Biden encourages businesses to take advantage of the employee retention credit. Here's what you need to know

Over the last year, lawmakers have passed many tax breaks for businesses due to the coronavirus pandemic.

Now, the Biden administration is encouraging the hardest-hit businesses to take advantage of one especially large tax break, the employee retention credit.

The employee retention credit was first established in March 2020 in the CARES Act and has been expanded since in the December relief act and the American Rescue Plan Act signed in March.

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More than 30,000 small businesses have claimed more than $1 billion via the credit this year, the White House said Monday. Still, the Biden administration wants to increase awareness of the program and said the Treasury Department will release further guidance around the credit this week.

Here's what businesses need to know.

How the credit works

The 2020 employee retention credit gives eligible businesses a refundable tax credit of 50% of up to $10,000 in qualified wages paid per employee in 2020. That means eligible businesses can receive a credit of up to $5,000 per employee for last year.

The American Rescue Plan Act signed into law in March expanded the credit even further, making more businesses potentially eligible and pushing back when they could claim the credit through the end of the year. In 2021, eligible businesses can deduct up to 70% of up to $10,000 in qualified wages paid per employee per quarter — bringing the total annual amount of potential credit to $28,000 per employee this year.

That's a significant bonus for certain businesses. In addition to using it to reduce the employment taxes businesses need to pay, those with fewer than 500 employees can request an advance payment of the credit from the IRS and get it in cash if the credit is more than they'd owe on employment taxes.

"What we're finding is that it can be pretty darn significant," said Tony Nitti, CPA and partner in RubinBrown's Tax Services Group. "A lot of businesses can reduce their payroll deposit requirement to next to nothing or even negative numbers, basically where they get a refund back from the federal government."

Who is eligible

To be sure, there are strict eligibility rules for which businesses can claim the credit, which is designed to focus on those hardest hit by the pandemic.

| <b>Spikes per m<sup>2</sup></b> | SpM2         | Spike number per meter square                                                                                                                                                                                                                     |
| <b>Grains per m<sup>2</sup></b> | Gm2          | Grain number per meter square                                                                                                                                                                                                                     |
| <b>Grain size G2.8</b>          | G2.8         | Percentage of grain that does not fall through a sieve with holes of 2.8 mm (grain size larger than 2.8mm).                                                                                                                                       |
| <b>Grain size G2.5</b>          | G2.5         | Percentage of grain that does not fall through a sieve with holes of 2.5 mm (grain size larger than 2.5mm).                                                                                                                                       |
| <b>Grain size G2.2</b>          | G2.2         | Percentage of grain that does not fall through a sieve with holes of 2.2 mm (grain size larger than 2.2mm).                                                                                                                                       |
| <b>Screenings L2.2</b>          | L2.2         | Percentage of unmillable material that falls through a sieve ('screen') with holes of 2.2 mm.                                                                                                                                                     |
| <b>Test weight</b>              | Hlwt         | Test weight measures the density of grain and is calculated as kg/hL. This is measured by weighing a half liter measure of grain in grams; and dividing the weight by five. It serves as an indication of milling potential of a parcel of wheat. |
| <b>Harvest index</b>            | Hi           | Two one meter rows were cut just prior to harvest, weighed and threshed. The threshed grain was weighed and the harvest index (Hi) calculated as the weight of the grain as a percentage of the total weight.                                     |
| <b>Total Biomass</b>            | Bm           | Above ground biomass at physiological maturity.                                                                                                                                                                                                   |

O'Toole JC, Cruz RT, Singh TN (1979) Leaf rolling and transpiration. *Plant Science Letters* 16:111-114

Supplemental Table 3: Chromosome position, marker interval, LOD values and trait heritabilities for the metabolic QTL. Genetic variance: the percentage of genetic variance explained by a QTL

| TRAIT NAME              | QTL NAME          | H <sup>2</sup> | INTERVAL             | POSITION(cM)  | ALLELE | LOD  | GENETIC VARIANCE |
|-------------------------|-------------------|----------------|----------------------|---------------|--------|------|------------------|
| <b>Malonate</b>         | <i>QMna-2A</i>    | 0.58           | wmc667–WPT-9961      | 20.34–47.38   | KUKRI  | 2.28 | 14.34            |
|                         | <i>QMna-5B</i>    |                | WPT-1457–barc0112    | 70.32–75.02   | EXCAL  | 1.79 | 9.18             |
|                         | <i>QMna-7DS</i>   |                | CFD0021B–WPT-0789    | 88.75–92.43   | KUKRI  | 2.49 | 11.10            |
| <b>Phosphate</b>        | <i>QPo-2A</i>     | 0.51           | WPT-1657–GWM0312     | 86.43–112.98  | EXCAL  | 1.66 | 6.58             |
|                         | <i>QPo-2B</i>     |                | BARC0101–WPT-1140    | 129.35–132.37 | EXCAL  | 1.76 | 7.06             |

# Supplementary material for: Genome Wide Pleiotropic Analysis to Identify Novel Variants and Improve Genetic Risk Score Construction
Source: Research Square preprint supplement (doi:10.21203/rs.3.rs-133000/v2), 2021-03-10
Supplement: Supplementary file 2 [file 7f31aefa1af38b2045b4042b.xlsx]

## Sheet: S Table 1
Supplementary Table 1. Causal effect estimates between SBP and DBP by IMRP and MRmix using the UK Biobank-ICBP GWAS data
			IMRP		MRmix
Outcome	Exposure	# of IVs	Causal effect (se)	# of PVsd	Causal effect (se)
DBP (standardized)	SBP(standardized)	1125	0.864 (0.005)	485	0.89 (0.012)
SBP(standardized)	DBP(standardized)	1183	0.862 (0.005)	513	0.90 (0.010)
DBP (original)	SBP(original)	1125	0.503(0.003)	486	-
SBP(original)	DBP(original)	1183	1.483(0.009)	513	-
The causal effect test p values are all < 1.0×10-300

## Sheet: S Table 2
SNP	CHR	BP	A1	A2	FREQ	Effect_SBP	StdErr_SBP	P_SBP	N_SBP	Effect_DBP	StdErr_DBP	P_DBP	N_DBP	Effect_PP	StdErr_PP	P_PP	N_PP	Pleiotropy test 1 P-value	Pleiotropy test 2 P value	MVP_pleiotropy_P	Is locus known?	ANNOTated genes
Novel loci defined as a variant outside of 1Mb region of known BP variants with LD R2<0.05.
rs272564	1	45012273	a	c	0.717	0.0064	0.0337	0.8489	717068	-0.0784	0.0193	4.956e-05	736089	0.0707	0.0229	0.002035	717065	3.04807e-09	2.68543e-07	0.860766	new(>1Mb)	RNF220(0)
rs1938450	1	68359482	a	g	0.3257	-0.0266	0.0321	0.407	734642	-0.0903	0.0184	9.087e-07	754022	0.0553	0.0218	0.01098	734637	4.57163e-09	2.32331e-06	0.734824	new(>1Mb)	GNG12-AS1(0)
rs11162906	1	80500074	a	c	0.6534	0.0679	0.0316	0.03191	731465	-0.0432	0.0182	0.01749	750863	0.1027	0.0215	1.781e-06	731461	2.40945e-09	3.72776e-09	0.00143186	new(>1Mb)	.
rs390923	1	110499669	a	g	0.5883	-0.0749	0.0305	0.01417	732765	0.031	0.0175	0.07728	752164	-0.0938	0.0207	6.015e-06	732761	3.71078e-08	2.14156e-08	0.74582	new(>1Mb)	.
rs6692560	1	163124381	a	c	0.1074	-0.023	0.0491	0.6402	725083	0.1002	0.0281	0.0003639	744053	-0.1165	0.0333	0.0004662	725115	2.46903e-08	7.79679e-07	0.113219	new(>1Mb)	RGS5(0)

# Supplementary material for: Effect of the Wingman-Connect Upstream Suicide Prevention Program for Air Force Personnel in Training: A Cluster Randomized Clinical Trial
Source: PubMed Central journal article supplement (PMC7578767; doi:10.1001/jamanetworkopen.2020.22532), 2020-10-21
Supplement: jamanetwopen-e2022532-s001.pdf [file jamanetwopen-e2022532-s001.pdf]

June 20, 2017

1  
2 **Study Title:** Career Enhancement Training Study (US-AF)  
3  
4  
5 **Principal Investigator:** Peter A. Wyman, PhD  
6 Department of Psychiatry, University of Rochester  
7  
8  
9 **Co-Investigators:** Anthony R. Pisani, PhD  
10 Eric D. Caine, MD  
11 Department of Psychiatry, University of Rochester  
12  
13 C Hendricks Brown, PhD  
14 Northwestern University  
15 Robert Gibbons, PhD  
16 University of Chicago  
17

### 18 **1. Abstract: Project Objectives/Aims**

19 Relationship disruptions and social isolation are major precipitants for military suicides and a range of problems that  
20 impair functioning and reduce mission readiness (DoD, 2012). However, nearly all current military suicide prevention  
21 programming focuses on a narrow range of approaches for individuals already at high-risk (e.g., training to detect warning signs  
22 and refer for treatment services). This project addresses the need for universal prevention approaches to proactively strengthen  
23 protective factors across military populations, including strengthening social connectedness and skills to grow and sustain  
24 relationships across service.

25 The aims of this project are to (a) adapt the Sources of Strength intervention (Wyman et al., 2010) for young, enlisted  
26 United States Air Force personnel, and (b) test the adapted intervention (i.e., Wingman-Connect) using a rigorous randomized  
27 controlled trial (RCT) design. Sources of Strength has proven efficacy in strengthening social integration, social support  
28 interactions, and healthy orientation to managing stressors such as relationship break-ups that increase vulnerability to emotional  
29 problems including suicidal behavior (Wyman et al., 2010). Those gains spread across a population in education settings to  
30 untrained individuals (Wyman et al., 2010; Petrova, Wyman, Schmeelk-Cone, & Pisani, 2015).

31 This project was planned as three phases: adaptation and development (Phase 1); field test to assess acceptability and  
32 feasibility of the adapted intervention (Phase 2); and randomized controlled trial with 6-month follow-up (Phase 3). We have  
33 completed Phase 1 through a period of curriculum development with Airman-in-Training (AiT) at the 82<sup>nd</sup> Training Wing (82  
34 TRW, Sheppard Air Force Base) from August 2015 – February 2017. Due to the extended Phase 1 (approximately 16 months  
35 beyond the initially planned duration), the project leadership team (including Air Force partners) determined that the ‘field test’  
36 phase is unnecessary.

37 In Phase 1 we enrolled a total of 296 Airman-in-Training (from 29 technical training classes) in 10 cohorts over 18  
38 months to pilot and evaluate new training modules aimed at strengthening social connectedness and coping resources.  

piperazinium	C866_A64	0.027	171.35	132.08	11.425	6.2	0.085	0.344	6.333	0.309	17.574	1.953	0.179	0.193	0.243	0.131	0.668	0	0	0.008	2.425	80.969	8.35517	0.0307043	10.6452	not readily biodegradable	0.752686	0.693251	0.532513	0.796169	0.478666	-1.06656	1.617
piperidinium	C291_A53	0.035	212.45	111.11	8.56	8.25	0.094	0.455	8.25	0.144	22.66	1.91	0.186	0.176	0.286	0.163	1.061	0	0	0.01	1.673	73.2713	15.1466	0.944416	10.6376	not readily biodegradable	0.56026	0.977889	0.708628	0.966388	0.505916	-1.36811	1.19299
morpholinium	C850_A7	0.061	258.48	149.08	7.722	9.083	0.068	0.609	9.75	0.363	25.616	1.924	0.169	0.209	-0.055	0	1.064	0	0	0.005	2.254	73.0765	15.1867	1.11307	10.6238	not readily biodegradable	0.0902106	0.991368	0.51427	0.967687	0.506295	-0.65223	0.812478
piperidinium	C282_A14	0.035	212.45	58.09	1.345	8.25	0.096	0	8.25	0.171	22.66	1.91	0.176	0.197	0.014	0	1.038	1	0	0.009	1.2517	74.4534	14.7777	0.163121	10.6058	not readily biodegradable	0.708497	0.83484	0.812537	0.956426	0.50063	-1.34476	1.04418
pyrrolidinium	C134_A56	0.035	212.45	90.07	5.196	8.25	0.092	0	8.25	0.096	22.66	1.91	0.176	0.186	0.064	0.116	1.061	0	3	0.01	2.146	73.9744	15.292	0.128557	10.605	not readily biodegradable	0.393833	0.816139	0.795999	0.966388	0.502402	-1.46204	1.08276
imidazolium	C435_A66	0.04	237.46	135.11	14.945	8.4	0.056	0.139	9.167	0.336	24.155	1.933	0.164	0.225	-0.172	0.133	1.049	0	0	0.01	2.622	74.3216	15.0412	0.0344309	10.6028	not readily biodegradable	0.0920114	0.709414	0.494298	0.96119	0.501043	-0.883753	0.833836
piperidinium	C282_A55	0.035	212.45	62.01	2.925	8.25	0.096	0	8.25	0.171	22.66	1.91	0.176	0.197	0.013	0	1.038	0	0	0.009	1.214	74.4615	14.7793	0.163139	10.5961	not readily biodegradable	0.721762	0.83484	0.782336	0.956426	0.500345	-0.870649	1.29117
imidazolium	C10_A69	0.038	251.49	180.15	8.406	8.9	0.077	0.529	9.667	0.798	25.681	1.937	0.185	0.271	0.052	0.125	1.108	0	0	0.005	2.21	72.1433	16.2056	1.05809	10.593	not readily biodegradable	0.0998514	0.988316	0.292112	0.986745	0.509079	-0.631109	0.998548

For the 2020 credit, businesses must have either experienced a full or partial shutdown of operations during the year because of a government order limiting commerce, travel or meetings due to the coronavirus pandemic, or have had a more than 50% quarterly decline in gross receipts, according to the IRS.

The rules for the 2021 credit were expanded to include businesses that had either experienced full or partial shutdown or had seen a more than 20% quarterly decline in gross receipts.

"You might not have qualified in 2020, but you could in 2021," said Erin Vukelich, an accountant at JCCS Certified Public Accountants in Whitefish, Montana.  

In addition, the act passed in December clarified that you can apply for the credit if you've had a Paycheck Protection Program loan — but you can't double dip, so to speak, so you need to clarify which wages were covered by PPP and which ones are being applied to the credit.

This added a layer of complexity to the program, according to experts. Still, the additional benefit is significant — for some businesses that got PPP loans and are eligible, the amount they got from the 2021 credit doubled the total benefit.

"The numbers for 2021 are just tremendous," said Nitti.

The size of businesses that can claim the wages of all employees — versus only the ones that were working during the quarter — also changed for 2021. In 2020, businesses that had averaged more than 100 employees generally couldn't claim all wages, but in 2021, that number went up to an average of 500 employees.

Extra complexity

Due to the complexity of the program and the rules that changed between 2020 and 2021, businesses should make sure they're working with an expert to claim the credit on their employment taxes.

"It's very complicated, even though it's a very favorable," said Mark Steber, chief tax officer for Jackson Hewitt Tax Services. "Do not wade into this program without some competent help."

This is especially true if businesses had a PPP loan and are also eligible to claim the employee retention credit. To maximize both benefits, they'll likely need the help of a tax professional who can work with both the loan and payroll documents.

It's also still possible for businesses to claim the employee retention credit for 2020, even if they've already submitted their tax returns for that year, according to Vukelich.  

To go back and claim the credit, they must amend their 2020 returns, something quite a few businesses are choosing to do to get the benefit, she said.

Going forward, businesses should keep track of any documentation they need to prove eligibility, especially if they're made eligible by a local government order shutting down operations, said Vukelich.

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